To many people food equals love, and love could never hurt. The denial or changing of food, no matter the reason, evokes a very visceral reaction in some people that comes from places you can’t even begin to fathom. I once had a relative practically cry over what my celiac daughter was “missing out on” at her birthday party. The cake I had prepared but she had not yet tasted “just wasn’t the same,” while Belle was excitedly serving cake to her friends and no one was the wiser that there was anything ‘different’ about the cake. No one could taste the difference, it was all in the relative’s head and she was grieving for my happily oblivious daughter in the middle of her birthday party in a room full of people. She was the only one that was sad, everyone else was eating cake!
Few people in our culture have been through an experience that allows them to eat to live instead of live to eat. They are so attached to their own context that they can’t come to grips that it could possibly harm another person. You can’t change other people, but you can change how you frame things, what attitudes you display to others about the foods you serve, and be vocal about the normalicy of the life you and your children live.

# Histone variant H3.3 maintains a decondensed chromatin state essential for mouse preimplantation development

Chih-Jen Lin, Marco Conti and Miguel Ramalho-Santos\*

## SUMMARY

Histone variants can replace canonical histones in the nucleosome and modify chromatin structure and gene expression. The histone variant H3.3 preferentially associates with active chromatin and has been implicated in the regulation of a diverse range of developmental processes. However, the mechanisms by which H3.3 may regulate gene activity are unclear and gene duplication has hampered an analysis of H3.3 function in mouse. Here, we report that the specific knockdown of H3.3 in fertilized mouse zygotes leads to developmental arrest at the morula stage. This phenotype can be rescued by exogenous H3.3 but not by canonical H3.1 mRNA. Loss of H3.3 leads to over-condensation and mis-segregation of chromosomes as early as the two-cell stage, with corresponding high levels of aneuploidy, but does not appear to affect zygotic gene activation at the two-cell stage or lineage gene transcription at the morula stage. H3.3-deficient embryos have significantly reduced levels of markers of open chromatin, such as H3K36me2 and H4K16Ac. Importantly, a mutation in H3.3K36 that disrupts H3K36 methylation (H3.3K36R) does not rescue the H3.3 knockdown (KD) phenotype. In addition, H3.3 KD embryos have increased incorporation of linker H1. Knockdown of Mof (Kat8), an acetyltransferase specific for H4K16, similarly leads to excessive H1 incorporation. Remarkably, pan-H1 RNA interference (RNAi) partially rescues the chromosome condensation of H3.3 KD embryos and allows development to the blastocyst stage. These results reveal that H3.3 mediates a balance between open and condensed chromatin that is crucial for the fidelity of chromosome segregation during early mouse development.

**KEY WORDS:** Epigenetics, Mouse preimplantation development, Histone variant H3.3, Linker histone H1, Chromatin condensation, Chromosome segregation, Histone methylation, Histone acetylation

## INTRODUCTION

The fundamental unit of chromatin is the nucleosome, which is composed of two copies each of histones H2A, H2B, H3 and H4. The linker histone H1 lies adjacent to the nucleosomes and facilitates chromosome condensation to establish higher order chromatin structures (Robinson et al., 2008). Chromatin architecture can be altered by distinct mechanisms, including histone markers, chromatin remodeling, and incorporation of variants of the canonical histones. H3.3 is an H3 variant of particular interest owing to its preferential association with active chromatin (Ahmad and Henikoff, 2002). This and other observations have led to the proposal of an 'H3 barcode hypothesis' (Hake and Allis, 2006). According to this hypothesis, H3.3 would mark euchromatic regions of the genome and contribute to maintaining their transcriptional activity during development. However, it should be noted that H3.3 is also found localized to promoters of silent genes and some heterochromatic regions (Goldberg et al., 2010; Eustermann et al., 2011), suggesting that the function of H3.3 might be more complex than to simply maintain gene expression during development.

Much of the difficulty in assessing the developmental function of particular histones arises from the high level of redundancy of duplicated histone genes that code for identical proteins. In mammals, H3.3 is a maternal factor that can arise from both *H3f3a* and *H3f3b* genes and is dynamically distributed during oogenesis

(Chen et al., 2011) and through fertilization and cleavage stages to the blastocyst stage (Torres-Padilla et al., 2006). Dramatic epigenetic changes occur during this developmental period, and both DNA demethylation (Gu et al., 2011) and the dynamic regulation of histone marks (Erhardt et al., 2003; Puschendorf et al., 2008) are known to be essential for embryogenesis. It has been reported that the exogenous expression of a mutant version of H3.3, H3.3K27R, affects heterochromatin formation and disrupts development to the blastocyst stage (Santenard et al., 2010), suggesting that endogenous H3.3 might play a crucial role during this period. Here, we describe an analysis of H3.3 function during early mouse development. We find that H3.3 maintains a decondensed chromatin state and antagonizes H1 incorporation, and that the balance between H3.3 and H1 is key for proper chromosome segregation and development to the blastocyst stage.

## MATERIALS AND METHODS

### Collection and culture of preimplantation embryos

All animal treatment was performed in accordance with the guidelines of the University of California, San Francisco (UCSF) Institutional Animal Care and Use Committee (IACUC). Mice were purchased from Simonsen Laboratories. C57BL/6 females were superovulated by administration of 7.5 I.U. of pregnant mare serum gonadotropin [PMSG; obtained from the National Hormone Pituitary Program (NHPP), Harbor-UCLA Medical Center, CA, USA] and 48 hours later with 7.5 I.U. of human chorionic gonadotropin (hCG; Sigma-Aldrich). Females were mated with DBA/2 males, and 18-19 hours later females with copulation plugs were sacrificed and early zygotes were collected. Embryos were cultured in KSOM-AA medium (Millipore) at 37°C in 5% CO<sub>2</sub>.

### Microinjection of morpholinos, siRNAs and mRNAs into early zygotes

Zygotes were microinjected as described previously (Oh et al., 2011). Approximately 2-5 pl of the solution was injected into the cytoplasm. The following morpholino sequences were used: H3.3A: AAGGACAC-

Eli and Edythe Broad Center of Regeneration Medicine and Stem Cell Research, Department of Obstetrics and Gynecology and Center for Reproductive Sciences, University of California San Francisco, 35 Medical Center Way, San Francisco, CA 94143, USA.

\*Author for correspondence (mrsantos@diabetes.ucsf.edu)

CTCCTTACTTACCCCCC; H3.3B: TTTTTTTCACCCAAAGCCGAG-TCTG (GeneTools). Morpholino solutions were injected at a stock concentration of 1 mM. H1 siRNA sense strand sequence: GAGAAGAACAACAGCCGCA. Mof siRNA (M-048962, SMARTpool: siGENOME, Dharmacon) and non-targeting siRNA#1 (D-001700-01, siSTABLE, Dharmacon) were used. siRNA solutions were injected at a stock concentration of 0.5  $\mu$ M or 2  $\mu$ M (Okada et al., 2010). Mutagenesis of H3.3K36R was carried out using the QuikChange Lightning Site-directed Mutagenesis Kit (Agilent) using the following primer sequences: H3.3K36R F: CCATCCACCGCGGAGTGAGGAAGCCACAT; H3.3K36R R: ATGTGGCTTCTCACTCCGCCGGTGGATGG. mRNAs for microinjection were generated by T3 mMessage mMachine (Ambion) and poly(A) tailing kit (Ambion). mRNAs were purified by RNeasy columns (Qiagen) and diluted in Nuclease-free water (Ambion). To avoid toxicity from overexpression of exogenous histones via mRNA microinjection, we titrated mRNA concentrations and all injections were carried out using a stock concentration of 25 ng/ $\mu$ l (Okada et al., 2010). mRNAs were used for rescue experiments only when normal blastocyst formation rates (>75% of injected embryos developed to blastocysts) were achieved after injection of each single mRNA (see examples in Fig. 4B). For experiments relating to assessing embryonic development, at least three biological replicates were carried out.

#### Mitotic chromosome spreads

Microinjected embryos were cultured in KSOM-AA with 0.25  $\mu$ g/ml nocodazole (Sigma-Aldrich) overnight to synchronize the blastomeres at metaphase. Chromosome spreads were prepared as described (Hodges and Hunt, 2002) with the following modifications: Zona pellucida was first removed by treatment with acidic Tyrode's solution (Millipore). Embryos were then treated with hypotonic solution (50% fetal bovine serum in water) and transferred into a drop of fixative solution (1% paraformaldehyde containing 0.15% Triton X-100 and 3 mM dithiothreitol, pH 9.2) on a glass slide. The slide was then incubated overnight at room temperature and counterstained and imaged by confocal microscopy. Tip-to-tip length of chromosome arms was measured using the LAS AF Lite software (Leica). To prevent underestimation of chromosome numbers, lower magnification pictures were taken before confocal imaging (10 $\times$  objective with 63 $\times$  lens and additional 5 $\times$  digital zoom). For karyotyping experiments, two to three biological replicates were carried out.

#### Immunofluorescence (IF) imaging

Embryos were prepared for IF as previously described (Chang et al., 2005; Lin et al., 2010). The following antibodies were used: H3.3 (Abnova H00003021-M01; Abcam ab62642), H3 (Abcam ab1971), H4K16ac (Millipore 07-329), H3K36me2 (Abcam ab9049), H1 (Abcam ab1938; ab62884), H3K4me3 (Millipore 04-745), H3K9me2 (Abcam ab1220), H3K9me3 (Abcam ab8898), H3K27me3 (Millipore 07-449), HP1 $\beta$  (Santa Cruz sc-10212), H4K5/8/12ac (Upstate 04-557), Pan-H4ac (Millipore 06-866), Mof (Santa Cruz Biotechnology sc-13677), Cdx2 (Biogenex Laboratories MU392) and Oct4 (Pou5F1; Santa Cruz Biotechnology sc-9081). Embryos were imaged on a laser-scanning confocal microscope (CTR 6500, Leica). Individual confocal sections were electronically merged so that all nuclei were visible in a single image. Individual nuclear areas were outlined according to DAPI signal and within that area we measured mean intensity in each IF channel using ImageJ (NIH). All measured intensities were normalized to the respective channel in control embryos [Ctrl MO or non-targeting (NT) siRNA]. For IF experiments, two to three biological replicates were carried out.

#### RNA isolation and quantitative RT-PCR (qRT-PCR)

One of the best coping strategies is to only be open and honest about the extent of and the challenges that come with the changes you have made to those who are supportive. Get online and vent, cry to your supportive friends over the phone, complain to your husband about the unsuccessful attempt or burnt food after the kids are asleep, but don’t be anything but togetherness and sunshine when your unsupportive relative or the family gossip calls on the phone. Convert the family favorite or holiday recipes into safe forms before the next event, so when asked, you can honestly respond that what they’re eating is the much-beloved family recipe. You don’t need to include the details that you’ve substituted some ingredients.
If you’re making a cake, compromise and use a box mix so people aren’t as suspicious. Often, I found if I fixed something from scratch, people would sniff and pick, but if I said the cake was from a box mix, they’d take a big bite without another thought. Tell them it’s an allergen-free mix and not Betty Crocker once they’ve finished their piece.